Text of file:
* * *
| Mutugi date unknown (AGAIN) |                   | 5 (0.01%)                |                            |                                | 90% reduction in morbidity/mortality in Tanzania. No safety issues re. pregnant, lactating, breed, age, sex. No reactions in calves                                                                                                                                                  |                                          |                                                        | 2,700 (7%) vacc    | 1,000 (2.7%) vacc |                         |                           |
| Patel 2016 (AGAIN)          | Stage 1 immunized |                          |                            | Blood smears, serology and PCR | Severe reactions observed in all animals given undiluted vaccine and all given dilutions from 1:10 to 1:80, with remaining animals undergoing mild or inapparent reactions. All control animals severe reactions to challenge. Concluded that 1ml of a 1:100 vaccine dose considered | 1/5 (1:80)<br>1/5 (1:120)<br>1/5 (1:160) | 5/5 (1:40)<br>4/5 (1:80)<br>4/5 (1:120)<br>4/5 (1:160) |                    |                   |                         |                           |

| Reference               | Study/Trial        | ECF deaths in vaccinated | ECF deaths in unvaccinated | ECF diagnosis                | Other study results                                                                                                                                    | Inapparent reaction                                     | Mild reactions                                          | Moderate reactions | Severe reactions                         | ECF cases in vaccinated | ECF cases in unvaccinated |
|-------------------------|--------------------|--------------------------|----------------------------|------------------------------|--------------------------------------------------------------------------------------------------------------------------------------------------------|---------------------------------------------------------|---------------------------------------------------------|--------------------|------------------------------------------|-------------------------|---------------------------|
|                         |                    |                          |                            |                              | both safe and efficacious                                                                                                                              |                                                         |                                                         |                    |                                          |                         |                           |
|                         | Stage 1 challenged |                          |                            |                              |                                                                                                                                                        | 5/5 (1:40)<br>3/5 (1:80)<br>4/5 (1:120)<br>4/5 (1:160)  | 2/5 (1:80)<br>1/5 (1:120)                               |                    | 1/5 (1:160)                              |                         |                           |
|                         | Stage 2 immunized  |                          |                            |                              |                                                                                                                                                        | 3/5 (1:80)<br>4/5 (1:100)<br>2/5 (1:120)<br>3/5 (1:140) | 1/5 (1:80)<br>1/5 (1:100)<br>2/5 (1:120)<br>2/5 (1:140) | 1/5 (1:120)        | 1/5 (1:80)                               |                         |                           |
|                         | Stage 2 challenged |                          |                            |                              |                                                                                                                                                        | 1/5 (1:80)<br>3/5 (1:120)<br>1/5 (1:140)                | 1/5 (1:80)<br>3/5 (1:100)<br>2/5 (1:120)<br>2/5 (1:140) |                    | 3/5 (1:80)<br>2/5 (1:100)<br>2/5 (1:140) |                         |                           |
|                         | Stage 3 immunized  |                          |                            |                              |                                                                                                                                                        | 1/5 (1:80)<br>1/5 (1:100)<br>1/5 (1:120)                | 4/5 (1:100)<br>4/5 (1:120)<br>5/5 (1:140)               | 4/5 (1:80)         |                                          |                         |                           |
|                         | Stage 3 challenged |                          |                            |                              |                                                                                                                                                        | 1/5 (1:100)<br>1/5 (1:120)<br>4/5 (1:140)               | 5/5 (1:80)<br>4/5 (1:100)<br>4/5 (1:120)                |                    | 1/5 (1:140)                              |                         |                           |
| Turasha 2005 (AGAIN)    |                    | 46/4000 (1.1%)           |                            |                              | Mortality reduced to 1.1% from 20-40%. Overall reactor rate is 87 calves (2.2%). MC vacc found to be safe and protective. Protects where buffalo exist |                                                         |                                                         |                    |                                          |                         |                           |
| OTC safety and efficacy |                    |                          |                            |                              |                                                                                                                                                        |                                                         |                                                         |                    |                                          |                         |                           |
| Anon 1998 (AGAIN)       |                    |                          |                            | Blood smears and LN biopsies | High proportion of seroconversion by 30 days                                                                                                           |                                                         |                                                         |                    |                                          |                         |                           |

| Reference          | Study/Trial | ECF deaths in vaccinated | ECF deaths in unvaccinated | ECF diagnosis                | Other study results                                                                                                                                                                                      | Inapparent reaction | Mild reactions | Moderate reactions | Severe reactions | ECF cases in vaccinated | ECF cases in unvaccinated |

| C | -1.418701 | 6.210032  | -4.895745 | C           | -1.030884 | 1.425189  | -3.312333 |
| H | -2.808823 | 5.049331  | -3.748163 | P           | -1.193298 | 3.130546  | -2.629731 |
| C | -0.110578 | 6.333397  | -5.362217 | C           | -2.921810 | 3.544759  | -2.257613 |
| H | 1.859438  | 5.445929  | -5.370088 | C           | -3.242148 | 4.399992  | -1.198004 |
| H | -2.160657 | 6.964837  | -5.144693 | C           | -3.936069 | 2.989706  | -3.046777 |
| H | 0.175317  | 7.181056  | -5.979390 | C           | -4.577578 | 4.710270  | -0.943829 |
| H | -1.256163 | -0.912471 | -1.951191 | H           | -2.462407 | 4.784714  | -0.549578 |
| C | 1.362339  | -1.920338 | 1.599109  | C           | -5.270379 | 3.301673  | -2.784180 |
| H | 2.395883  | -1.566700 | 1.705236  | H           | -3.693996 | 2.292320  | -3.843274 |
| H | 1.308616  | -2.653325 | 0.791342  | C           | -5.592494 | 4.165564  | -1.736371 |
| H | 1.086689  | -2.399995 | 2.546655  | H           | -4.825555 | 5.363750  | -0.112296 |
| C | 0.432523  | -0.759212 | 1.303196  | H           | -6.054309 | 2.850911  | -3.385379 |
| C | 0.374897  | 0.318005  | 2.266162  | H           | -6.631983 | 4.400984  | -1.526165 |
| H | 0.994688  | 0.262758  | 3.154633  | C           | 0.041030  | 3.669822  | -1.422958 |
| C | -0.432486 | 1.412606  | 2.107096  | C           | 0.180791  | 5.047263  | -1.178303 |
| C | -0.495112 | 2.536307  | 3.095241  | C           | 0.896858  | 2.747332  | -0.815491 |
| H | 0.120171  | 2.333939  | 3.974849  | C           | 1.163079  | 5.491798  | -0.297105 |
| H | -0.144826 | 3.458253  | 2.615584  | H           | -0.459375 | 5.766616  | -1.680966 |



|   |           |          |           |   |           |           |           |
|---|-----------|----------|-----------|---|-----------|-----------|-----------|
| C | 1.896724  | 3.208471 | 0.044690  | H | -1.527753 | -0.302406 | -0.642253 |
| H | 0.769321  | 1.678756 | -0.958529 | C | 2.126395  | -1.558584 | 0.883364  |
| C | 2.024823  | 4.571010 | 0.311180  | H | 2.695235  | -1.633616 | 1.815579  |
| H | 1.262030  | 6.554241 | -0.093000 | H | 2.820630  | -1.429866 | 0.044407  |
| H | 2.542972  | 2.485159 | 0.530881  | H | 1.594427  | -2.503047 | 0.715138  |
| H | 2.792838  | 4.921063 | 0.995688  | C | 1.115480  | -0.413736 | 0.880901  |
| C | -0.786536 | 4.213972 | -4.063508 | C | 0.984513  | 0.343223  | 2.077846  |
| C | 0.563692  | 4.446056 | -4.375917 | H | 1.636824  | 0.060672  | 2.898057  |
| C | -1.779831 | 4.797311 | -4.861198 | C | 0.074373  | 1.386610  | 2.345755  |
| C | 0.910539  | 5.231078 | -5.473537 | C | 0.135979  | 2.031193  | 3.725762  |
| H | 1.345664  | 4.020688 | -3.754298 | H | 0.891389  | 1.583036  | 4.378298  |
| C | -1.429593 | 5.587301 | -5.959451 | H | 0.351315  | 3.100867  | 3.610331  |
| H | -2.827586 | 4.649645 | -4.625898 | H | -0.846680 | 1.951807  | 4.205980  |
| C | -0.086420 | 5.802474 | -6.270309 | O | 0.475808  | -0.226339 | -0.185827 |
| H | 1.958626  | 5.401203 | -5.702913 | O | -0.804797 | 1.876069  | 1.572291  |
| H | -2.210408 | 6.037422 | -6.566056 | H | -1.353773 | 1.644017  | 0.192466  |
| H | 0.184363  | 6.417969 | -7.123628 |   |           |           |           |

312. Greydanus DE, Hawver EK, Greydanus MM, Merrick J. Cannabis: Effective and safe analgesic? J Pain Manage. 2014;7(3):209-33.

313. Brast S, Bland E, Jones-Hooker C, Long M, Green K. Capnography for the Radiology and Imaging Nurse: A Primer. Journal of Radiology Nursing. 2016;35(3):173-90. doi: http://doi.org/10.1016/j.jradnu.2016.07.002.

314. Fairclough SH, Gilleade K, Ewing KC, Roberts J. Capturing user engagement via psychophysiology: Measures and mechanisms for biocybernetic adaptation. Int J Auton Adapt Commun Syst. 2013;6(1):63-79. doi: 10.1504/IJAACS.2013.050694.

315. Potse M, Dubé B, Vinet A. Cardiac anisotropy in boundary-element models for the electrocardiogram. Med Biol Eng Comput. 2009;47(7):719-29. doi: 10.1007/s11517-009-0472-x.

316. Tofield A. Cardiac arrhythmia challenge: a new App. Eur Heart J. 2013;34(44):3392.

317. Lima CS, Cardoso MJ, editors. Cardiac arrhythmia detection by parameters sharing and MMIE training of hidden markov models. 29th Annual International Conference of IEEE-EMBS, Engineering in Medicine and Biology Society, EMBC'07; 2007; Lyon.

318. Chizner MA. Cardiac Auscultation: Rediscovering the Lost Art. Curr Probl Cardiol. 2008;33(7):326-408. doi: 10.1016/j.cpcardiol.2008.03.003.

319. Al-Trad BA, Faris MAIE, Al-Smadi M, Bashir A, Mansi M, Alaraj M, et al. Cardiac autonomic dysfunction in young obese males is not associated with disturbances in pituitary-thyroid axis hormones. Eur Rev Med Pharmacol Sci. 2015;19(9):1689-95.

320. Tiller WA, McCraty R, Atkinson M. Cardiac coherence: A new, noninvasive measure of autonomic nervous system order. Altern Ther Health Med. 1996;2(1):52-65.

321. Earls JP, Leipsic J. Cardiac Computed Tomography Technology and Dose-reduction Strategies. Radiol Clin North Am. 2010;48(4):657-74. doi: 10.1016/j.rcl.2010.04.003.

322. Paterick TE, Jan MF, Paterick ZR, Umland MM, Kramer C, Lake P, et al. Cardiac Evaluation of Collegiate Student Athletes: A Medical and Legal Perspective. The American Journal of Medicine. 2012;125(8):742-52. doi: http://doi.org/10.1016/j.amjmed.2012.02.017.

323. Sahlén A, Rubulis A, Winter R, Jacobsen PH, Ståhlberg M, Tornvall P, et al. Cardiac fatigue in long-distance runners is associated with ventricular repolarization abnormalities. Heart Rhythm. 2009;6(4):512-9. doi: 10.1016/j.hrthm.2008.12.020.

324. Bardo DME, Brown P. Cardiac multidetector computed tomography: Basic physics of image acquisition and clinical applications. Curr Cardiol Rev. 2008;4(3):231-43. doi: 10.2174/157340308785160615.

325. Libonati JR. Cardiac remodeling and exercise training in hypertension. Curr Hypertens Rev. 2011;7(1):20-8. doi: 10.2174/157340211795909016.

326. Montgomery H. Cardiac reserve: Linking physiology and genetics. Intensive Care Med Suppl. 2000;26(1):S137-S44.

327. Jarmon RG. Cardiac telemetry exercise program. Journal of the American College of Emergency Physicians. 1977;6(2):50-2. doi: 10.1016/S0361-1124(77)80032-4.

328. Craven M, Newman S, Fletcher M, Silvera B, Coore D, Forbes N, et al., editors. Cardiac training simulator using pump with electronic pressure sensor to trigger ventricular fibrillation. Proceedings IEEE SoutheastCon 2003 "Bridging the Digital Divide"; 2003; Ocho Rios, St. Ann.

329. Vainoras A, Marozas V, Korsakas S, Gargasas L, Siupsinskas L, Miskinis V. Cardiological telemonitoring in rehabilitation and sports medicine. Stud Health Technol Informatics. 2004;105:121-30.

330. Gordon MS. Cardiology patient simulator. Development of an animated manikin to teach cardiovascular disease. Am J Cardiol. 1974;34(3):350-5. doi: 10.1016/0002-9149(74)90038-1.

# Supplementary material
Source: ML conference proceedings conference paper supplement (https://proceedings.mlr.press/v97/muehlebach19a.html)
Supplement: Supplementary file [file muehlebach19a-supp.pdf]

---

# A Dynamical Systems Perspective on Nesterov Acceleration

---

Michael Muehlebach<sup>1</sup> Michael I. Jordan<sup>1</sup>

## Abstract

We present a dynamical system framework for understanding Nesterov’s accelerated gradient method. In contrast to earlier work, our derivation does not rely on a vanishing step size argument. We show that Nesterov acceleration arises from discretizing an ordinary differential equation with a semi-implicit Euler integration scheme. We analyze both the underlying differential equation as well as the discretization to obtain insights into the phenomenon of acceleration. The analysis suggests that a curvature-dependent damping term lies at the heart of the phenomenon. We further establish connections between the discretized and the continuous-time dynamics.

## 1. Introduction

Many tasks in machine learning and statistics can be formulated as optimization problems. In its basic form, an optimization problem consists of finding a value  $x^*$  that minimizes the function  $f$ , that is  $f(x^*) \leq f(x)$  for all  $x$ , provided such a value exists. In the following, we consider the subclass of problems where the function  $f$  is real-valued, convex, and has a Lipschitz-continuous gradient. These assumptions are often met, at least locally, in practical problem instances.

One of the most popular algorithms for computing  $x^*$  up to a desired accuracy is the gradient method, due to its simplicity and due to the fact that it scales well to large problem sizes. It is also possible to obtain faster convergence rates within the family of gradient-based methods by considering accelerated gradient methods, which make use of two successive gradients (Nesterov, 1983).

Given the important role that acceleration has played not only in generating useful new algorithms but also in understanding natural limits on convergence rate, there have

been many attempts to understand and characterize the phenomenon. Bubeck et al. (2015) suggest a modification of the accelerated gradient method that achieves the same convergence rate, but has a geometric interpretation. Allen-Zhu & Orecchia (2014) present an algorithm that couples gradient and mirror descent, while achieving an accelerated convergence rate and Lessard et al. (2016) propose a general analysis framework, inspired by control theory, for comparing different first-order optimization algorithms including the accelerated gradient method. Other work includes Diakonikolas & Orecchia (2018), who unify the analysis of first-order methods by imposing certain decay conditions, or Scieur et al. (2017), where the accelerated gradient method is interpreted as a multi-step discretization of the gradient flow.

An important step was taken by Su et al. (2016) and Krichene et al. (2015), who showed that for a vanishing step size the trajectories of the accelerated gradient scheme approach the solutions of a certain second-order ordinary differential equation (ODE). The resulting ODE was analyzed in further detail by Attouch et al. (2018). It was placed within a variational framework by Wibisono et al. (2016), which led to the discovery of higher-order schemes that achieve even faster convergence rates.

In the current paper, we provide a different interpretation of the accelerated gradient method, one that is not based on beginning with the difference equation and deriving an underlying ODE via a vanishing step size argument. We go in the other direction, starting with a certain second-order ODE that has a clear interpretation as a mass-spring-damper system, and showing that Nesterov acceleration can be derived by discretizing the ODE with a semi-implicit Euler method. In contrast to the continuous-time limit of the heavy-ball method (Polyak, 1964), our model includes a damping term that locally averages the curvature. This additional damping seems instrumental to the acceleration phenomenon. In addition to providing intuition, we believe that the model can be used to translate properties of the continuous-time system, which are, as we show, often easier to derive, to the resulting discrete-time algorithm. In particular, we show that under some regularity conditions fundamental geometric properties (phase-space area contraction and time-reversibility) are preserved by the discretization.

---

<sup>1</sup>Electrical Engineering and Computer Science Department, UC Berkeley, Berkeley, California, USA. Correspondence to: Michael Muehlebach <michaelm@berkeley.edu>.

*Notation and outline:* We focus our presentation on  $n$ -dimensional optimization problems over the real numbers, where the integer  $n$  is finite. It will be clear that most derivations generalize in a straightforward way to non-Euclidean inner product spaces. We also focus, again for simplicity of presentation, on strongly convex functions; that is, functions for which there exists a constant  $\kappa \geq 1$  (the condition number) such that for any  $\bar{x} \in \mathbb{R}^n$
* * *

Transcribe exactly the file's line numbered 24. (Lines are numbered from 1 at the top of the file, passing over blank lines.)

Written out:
| H | 1.308616  | -2.653325 | 0.791342  | C           | -5.592494 | 4.165564  | -1.736371 |